Văn Lang

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A hypothetical rendering of Văn Lang in the early 3rd century BC
History of Vietnam
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Văn Lang (Chinese: ) was an early nation state of the Vietnamese people, thereby the predecessor to modern Vietnam. Geographically covering most of modern Northern Vietnam, it was ruled by the Hùng Kings of the Hồng Bàng dynasty. Hùng Vương as the title of a line of kings and the Văn Lang kingdom's existence are attested in Qin and Tang-era sources.[1] The people of Văn Lang were referred to as the Lạc Việt or sometimes simply as the Lạc.

French linguist Michel Ferlus (2009)[2] includes Văn Lang (Old Chinese: ZS *mɯn-raːŋ; BS *mə[n]-C.rˤaŋ) in the word-family *-ra:ŋ "human being, person" of Southeast Asian ethononyms across three linguistic families, Austroasiatic, Sino-Tibetan, Austronesian, together with:

  • The ethnonym Maleng of a Vietic people living in Vietnam and Laos; Ferlus suggests that Vietic *m.leŋ is the "iambic late form" of *m.ra:ŋ.
  • A kingdom north of today-Cambodia, Chinese: Táng-míng in Sānguózhì and later Dào-míng Tang documents;
  • A kingdom subjected by Jayavarman II in the 8th century, known as Maleṅ [məlɨə̆ŋ] in Pre-Angkorian and Malyaṅ [məlɨə̆ŋ] in Angkorian Khmer; the kingdom's name is phonetically connected with Maleng, yet nothing further is conclusive.
  • The ethnonym မြန်မာ Mraṅmā (1342); in Chinese transcription : OC *moːɡ-raːŋsMC *muk̚-lɑŋᴴ → Mandarin Mù-làng.
  • Malayic *ʔuʀaŋ "human being, person".

There also exists a phonetically similar Proto-Mon-Khmer etymon: *t₂nra:ŋ "man, male".[3]

According to the 15th-century book Đại Việt sử ký toàn thư (Đại Việt Complete History), the nation had its capital at Phong Châu in present-day Phú Thọ Province. It was bordered to the east by the South China Sea, to the west by Ba Thục (present-day Sichuan), to the north by Dongting Lake (Hunan), and to the south by Champa. According to Trần Trọng Kim's book, Việt Nam sử lược (A Brief History of Vietnam), the country was divided into 15 regions as in the table below:[4]

Regions of Văn Lang
Name Present-day location
Phong Châu (King's capital) Phú Thọ Province
Châu Diên Sơn Tây Province
Phúc Lộc Sơn Tây Province
Tân Hưng Hưng Hóa (part of Phú Thọ Province) and Tuyên Quang Province
Vũ Định Thái Nguyên Province and Cao Bằng Province
Vũ Ninh Bắc Ninh Province
Lục Hải Lạng Sơn Province
Ninh Hải Quảng Yên (a part of Quảng Ninh Province)
Dương Tuyên Hải Dương Province
Giao Chỉ Hà Nội, Hưng Yên Province, Nam Định Province and Ninh Bình Province
Cửu Chân Thanh Hóa Province
Hoài Hoan Nghệ An Province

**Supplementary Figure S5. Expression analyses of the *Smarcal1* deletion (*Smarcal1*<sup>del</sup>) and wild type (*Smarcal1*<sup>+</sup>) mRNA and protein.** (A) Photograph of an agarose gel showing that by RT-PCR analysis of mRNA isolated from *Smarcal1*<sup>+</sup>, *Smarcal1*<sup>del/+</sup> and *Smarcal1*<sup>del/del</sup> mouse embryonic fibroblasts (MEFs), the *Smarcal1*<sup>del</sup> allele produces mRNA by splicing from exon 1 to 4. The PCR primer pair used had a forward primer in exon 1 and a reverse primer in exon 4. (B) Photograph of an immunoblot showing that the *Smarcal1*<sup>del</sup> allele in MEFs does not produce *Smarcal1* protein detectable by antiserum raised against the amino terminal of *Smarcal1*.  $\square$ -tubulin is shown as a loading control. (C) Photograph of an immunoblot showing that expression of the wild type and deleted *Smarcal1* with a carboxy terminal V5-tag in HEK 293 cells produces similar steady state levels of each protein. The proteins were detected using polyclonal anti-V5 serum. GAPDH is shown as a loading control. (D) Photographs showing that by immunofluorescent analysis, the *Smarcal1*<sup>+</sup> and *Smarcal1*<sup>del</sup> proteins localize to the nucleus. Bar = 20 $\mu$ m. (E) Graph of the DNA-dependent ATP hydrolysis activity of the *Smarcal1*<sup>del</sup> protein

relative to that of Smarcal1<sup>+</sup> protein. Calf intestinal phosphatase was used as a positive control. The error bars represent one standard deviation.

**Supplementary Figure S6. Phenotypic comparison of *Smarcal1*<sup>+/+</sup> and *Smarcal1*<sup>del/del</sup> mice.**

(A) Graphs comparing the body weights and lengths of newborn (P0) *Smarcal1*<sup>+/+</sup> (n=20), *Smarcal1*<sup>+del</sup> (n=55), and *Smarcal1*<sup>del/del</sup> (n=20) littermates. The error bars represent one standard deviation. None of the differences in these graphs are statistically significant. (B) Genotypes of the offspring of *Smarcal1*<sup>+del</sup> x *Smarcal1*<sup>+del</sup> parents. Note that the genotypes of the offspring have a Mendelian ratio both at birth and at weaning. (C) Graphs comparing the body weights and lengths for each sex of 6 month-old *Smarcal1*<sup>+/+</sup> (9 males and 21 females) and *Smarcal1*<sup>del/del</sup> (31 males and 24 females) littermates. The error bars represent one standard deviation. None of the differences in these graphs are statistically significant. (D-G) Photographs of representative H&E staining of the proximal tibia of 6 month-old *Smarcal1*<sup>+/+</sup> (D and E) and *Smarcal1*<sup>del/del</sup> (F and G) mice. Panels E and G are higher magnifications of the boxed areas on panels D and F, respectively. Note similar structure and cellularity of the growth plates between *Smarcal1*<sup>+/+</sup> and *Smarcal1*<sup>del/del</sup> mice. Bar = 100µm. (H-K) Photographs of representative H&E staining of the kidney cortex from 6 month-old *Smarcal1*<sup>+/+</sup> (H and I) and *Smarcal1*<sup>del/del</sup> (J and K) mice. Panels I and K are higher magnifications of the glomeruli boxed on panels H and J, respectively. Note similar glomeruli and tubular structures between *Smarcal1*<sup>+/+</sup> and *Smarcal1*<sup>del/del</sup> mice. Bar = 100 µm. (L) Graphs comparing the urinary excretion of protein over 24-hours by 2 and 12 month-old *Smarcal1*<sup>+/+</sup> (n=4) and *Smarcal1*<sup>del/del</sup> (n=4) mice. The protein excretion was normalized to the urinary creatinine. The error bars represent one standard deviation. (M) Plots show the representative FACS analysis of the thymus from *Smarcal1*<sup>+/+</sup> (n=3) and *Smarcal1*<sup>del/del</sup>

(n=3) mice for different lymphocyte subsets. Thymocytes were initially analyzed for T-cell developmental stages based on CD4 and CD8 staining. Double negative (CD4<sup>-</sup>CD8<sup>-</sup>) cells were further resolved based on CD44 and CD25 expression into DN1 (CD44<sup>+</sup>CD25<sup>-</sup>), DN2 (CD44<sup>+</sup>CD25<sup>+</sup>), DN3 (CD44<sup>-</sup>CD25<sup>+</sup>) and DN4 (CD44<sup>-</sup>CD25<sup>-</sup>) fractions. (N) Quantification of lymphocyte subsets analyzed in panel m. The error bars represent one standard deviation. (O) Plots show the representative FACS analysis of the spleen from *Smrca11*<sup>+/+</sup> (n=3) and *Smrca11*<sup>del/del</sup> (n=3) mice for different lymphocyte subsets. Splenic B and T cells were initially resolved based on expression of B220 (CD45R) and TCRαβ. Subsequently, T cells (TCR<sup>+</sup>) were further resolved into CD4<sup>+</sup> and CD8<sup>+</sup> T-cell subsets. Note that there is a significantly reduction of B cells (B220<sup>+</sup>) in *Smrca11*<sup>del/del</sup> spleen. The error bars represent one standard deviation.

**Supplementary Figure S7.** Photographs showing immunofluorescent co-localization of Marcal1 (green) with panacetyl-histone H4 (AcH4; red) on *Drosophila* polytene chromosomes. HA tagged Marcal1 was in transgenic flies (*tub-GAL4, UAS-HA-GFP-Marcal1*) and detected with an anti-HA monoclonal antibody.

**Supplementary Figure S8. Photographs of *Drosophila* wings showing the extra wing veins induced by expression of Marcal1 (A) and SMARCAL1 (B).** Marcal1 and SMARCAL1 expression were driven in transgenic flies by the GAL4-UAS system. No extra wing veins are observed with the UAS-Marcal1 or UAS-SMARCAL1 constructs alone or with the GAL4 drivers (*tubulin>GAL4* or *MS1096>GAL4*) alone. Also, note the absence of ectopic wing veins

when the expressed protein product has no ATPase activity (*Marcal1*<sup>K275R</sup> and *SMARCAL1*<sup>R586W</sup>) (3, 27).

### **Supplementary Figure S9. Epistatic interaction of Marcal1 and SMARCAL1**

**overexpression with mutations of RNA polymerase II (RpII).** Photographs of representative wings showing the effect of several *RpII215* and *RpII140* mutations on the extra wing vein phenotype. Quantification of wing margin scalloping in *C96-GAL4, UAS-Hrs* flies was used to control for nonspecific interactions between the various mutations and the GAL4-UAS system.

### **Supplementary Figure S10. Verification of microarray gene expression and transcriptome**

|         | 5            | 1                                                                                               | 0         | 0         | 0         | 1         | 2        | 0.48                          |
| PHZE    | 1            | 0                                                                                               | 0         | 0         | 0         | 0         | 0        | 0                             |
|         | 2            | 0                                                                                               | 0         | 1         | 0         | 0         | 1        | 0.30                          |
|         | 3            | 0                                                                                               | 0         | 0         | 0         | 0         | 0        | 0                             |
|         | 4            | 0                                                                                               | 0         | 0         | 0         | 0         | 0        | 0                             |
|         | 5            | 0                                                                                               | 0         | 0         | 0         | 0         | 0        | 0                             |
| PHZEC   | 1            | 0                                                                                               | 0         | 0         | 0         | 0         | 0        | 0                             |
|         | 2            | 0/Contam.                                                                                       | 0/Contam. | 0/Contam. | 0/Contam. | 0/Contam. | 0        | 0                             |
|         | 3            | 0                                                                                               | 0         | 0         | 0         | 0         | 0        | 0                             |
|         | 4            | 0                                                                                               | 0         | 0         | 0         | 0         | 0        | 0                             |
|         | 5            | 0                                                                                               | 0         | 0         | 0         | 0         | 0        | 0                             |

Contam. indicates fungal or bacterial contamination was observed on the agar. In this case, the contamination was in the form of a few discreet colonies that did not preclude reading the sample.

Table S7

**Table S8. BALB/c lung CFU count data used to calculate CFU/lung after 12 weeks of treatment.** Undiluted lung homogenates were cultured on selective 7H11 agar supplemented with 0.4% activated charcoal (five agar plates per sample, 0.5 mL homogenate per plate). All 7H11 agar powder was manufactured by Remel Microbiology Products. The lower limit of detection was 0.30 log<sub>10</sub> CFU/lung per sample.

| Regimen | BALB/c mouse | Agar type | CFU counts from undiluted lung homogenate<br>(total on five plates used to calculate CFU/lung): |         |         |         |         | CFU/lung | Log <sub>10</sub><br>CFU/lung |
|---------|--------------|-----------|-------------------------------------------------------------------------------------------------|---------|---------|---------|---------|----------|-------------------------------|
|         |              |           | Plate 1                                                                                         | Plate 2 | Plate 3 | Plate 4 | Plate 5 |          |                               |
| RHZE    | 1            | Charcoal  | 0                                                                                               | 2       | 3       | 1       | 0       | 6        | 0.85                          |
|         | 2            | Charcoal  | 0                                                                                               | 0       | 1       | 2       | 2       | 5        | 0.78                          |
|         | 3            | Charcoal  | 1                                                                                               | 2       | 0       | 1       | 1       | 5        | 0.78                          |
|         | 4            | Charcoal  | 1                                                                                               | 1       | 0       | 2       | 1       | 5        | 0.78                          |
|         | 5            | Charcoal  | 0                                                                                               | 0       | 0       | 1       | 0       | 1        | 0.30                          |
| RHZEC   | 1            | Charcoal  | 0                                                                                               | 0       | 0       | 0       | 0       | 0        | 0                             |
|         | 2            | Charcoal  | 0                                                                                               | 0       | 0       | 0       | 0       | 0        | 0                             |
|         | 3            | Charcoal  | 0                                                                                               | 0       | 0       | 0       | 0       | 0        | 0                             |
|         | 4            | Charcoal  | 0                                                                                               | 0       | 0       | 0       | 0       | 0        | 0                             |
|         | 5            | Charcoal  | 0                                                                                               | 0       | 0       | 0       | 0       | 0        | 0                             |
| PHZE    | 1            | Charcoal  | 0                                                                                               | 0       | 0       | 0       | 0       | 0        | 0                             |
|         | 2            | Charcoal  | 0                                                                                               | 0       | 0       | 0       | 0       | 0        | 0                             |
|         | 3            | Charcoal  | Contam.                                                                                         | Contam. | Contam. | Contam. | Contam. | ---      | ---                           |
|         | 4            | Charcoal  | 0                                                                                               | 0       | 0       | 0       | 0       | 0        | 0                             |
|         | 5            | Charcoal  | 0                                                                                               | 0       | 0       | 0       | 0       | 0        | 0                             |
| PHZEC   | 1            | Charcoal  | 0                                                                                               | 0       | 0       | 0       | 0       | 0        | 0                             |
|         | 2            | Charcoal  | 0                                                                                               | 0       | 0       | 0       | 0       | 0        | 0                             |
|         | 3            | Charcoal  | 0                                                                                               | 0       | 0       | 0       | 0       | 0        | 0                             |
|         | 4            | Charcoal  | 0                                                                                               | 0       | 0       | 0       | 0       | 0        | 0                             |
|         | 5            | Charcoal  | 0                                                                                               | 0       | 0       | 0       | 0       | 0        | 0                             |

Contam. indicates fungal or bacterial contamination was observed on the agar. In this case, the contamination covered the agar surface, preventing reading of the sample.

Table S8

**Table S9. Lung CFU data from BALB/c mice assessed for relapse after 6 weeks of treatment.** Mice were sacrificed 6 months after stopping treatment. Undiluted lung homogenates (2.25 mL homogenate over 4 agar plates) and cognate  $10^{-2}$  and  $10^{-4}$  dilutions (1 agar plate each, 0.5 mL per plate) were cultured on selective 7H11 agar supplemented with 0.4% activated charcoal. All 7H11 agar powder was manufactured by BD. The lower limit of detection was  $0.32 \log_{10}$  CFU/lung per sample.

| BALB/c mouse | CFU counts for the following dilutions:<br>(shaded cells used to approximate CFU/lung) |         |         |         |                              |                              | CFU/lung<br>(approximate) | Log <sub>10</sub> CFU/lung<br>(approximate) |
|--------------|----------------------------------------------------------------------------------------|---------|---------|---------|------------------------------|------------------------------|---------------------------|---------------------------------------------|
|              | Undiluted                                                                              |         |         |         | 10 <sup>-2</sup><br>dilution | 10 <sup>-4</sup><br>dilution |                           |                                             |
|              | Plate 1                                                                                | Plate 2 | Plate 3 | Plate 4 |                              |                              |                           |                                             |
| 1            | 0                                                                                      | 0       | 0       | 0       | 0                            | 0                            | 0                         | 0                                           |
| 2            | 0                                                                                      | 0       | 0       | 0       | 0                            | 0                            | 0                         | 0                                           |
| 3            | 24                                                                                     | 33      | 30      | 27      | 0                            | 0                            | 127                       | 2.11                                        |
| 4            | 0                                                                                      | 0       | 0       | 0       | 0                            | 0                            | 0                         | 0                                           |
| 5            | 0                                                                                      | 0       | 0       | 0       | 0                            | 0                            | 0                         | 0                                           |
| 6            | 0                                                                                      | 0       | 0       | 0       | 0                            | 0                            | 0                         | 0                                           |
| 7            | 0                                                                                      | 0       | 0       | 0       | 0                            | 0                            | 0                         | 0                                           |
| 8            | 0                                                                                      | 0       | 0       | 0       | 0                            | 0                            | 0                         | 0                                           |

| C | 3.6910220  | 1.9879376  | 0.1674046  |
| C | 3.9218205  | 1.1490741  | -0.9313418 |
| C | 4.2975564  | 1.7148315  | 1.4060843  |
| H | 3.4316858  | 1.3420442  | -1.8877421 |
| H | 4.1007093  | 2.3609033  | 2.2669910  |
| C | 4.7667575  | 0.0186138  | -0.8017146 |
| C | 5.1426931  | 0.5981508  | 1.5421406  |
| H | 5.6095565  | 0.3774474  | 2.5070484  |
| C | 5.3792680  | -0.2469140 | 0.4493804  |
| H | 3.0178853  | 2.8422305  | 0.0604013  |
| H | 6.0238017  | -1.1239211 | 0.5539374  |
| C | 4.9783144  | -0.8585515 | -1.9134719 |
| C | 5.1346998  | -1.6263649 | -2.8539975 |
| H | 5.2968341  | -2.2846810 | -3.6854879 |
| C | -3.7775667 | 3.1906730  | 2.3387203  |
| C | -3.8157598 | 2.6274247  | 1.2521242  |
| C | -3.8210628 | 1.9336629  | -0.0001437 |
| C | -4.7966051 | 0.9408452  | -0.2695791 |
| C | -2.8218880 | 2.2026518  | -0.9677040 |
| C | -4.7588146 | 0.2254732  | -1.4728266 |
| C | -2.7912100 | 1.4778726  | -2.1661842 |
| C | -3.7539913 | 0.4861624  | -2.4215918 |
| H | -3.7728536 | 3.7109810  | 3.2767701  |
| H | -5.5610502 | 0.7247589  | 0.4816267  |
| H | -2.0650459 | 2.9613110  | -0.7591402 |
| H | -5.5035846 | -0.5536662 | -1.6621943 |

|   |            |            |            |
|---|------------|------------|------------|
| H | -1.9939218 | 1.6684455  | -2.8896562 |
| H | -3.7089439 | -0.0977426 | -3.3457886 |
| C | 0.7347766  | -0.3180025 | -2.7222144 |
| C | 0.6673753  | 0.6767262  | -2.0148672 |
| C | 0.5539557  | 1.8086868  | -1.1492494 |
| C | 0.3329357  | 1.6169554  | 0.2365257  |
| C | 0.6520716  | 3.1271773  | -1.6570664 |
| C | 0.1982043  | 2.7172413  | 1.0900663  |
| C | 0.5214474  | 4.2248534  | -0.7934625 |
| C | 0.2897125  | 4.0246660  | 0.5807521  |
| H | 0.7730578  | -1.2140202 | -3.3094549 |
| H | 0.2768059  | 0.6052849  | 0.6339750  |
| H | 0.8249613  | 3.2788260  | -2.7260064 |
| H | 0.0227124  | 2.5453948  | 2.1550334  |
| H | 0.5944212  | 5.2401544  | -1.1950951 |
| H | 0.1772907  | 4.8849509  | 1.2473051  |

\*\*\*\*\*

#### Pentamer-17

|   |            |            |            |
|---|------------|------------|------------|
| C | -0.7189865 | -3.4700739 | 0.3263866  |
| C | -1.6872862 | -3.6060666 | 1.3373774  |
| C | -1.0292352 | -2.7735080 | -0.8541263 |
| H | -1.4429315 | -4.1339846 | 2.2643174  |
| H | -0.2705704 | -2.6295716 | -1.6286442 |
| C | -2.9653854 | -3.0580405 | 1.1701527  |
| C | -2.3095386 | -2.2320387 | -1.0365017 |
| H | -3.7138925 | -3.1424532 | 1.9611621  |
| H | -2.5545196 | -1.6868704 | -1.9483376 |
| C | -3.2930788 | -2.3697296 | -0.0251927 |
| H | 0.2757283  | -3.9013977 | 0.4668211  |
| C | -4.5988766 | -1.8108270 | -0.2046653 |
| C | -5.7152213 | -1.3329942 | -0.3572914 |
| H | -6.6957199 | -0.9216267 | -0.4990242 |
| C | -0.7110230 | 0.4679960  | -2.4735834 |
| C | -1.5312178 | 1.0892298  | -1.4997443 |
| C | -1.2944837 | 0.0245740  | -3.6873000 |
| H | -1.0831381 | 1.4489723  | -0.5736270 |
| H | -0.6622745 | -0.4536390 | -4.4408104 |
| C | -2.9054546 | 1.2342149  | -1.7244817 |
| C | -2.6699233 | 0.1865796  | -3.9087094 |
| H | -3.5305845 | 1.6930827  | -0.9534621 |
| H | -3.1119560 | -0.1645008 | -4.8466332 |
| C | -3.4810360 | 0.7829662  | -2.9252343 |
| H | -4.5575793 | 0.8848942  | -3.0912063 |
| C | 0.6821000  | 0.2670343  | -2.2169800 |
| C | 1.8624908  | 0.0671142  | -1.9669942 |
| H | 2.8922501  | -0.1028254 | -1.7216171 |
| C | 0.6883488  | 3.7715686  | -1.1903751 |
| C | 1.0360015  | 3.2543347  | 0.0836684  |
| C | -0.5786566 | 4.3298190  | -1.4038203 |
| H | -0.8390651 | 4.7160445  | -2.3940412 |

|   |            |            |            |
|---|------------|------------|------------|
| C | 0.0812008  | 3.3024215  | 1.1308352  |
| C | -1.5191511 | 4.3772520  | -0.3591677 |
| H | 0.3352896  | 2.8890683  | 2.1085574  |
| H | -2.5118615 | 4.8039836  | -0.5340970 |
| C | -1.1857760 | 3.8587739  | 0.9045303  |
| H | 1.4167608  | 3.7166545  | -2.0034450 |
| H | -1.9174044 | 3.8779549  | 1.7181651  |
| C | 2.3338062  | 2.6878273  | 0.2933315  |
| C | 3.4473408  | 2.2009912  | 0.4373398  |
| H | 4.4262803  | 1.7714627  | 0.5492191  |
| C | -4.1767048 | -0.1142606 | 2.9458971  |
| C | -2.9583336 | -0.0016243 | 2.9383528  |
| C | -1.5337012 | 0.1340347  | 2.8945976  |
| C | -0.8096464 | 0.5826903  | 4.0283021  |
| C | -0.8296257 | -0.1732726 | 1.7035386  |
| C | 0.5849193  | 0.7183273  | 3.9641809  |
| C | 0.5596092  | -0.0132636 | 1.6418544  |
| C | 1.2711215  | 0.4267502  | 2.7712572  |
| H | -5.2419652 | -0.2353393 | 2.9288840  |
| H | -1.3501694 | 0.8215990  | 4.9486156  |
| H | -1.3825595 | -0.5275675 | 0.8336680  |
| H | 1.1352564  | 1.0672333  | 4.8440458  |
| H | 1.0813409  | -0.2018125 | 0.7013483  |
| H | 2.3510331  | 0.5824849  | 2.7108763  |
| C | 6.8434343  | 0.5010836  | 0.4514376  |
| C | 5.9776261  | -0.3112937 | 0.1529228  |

Việt Thường Quảng Bình Province and Quảng Trị Province
Cửu Đức Hà Tĩnh Province
Bình Văn unknown

Việt Sử Lược (Việt Brief History) notes that Văn Lang consisted of 15 regions: in it there are 10 names recorded similar to those given in Đại Việt Complete History (Giao Chỉ, Vũ Ninh, Việt Thường, Ninh Hải, Lục Hải, Hoài Hoan, Cửu Chân, Bình Văn, Cửu Đức, and Văn Lang), and five regions with different names (Quân Ninh, Gia Ninh, Thang Tuyền, Tân Xương, and Nhật Nam). The founder of Văn Lang was Hùng Vương (King Hùng). The Hùng Vương throne was hereditary. The Hùng Kings were military commanders and religious leaders at the same time. Văn Lang was supposedly ruled by 88 Hùng Kings, but only 18 names are recorded (or, according to recent research, 18 names of 18 Dynasties, like Ancient Egyptian):

  1. Hùng Dương (Lộc Tục)
  2. Hùng Hiền (Lạc Long Quân)
  3. Hùng Lân (vua)
  4. Hùng Việp
  5. Hùng Hy
  6. Hùng Huy
  7. Hùng Chiêu
  8. Hùng Vỹ
  9. Hùng Định
  10. Hùng Hy
  11. Hùng Trinh
  12. Hùng Võ
  13. Hùng Việt
  14. Hùng Anh
  15. Hùng Triều
  16. Hùng Tạo
  17. Hùng Nghị
  18. Hùng Duệ

Văn Lang ended c. 258 BC when the Âu invaded under their Shu prince Thục Phán. Thục defeated the last Hùng Vương, united the kingdoms as Âu Lạc, and proclaimed himself An Dương Vương.[5]


  1. ^ Keith Taylor, The Birth of Vietnam, Appendix A, Appendix B and C.
  2. ^ Michel Ferlus. "Formation of Ethnonyms in Southeast Asia". 42nd International Conference on SinoTibetan Languages and Linguistics, Nov 2009, Chiang Mai, Thailand. 2009. pp. 4-5
  3. ^ Shorto, H. A Mon-Khmer Comparative Dictionary, Ed. Paul Sidwell, 2006. #692. p. 217
  4. ^ Trần Trọng Kim (2005). Việt Nam sử lược (in Vietnamese). Ho Chi Minh City: Ho Chi Minh City General Publishing House. p. 18.
  5. ^ Chapuis, Oscar (1995). A History of Vietnam: From Hong Bang to Tu Duc. Greenwood Publishing Group. pp. 13, 14. ISBN 0-313-29622-7.

See also[edit]